In Bernard Manin’s Democratic Deliberation, he argues that diversity of perspectives – a common requirement of good deliberation is not enough. “If we wished to keep in check the force of the confirmatory bias, to which groups are particularly susceptible, we should take deliberate and affirmative measures, not just let diverse voices be heard. Conflicting arguments do not automatically get a fair hearing,” he writes.

In this way, the presence of conflict might mitigate Lynn Sanders’ concerns about power inequities going unchecked. In her article, Against Deliberation, Sanders’ eloquently outlines the core problem of assuming respect among diverse views as a core element of deliberation:  “If we assume that deliberation cannot proceed without the realization of mutual respect, and deliberation appears to be proceeding, we may even mistakenly decide that conditions of mutual respect have been achieved.”

This danger is particularly present in contexts where there is no spoken conflict – that is, as Manin argues, if there no opposing views are voiced it’s not intrinsically because no opposing views are held.

If conflicting views are brought to the fore – encouraged and regularly voiced by all present – then this could dissipate concerns about unequal power leading to the exclusion of certain voices.

On its face, resistance to raising problems that are to solve may seem like a wholly different phenomenon. But I’ve been struck by Nina Eliasoph’s observations in this regard. In her sociological work with community volunteer groups, she notes how volunteers constantly silenced discussion of big problems – with good intentions, but ultimately to the detriment of the community.

Furthermore, she connects this aversion to seemingly unsolvable problems to the tendency to avoid conflict in discussion:

“To show each other and their neighbors that regular citizens really can be effective, really can make a difference, volunteers tried to avoid issues that they considered “political.” In their effort to be open and inclusive, to appeal to regular, unpretentious fellow citizens without discouraging them, they silenced public-spirited deliberation…Community-spirited citizens judged that by avoiding “big” problems, they could better buoy their optimism. But by excluding politics from their group concerns, they kept their enormous, overflowing reservoir of concern and empathy, compassion and altruism, out of circulation, limiting its contribution to the common good.”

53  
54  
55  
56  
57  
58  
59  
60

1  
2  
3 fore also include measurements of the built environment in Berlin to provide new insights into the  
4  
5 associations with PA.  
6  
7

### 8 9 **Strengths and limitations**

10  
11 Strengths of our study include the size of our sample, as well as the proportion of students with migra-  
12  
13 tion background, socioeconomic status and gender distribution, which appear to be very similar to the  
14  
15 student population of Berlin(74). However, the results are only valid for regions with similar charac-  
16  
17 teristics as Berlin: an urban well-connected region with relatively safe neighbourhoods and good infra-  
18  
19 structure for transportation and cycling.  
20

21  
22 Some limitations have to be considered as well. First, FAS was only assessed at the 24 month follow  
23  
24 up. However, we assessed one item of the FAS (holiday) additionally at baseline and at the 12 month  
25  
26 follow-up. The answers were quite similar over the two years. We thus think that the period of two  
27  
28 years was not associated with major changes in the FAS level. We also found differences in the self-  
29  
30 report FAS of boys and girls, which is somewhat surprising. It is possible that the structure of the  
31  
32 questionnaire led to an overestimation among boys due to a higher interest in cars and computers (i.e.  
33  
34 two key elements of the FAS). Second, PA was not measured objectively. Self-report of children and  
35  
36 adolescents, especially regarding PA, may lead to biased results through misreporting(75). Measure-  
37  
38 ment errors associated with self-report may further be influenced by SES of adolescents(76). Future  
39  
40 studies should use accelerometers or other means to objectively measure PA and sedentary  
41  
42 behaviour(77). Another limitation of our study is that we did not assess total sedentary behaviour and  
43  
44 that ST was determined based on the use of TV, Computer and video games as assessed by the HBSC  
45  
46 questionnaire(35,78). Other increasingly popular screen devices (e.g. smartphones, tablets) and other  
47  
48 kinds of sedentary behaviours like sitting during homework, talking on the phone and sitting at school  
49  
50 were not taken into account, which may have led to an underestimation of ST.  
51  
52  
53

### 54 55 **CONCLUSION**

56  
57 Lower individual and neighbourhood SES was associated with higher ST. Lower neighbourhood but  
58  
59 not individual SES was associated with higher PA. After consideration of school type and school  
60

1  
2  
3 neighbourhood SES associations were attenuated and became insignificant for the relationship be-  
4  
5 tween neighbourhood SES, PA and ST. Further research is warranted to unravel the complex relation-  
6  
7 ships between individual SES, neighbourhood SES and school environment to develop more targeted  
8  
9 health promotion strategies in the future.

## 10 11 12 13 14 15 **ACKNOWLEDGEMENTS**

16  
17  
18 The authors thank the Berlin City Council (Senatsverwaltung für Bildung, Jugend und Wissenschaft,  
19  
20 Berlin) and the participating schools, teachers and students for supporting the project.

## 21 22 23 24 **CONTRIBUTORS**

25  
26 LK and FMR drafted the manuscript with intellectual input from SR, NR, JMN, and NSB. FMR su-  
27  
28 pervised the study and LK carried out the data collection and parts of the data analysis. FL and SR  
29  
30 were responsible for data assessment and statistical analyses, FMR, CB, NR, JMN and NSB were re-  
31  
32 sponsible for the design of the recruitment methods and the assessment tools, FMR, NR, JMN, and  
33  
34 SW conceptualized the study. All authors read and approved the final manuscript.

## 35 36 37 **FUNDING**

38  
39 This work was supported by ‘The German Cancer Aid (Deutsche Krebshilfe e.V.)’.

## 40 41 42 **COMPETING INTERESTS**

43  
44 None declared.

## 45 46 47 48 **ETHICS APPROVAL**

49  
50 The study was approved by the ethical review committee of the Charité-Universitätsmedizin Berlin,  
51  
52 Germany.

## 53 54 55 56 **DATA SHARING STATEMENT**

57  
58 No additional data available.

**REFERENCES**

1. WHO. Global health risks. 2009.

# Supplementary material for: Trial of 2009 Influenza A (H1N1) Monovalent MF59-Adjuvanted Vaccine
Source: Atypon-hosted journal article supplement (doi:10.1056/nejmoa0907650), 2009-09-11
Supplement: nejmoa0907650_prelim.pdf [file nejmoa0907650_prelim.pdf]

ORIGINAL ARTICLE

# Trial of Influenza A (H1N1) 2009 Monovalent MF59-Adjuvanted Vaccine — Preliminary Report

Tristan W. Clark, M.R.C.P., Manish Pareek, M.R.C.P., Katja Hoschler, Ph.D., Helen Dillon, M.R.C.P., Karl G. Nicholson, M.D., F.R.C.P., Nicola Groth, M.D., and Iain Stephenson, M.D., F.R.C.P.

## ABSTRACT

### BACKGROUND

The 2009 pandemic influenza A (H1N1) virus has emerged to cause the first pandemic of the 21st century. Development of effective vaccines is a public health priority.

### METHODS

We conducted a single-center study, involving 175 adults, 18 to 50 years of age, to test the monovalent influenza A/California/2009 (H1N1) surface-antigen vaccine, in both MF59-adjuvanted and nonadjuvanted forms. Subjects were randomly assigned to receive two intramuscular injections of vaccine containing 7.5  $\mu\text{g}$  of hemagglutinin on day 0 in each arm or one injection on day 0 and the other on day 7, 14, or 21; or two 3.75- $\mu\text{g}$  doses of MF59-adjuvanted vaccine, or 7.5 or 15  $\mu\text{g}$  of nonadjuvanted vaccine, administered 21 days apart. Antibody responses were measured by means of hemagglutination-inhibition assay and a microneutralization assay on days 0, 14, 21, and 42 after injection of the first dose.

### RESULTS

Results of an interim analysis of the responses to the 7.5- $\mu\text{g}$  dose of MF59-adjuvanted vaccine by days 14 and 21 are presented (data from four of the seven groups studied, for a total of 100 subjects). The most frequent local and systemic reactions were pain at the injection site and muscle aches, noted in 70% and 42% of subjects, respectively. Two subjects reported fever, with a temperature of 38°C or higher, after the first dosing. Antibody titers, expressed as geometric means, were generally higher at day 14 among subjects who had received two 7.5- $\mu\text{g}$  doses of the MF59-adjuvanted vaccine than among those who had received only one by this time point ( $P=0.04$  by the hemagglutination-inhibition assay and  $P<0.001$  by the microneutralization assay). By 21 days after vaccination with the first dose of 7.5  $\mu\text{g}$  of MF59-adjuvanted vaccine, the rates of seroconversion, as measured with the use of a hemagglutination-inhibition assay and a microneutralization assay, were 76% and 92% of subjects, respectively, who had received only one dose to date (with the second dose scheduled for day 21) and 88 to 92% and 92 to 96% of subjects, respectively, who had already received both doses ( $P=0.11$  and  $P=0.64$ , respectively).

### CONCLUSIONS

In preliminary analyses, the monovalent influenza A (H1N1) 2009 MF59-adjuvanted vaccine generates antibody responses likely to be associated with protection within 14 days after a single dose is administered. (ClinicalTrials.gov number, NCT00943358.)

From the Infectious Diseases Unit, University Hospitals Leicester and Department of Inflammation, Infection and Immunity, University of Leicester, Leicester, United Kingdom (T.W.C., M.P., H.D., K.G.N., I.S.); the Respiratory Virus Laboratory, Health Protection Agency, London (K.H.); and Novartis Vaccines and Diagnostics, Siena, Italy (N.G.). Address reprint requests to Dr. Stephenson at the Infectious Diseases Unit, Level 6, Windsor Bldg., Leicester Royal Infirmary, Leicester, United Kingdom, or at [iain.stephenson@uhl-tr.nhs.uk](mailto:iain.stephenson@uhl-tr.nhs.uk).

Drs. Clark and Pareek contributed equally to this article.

Civic Rituals

In Nina Eliasoph’s excellent book Avoiding Politics, she explores, as the subtile indicates, “how Americans produce apathy in every day life.” For this thoughtful, sociological study Eliasoph embedded herself with numerous civic groups – including volunteer, recreational and activist organizations. Through her detailed observations, she notes many factors that impede successful civic and political activity.

This morning I was struck by a passage on civic rituals – practices which are seemingly good for civic life but which ultimately discourage public-minded discussion in the public sphere.

Reflecting on numerous special events organized around various community concerns, Eliasoph observes:

The practice of ritual production was one of the most important messages of the rituals. This sporadic and indirect method of showing concern made “care for fellow humans” seem to be a special occasion, something that could happen just a few times a year, easily incorporated into a busy commuter’s schedule without changing anything else.

Lest this point be misinterpreted coming on the eve of Veterans’ Day, I do think it’s important to mention – and Eliasoph agrees – that civic rituals are not inherently bad.

Voting is, arguably, a civic ritual. It is definitely habitual, with prior voting being a strong predictor of future voting behavior. While one ought to do far more than vote to be civic, I think it’s still important to have this ritual in one’s civic life.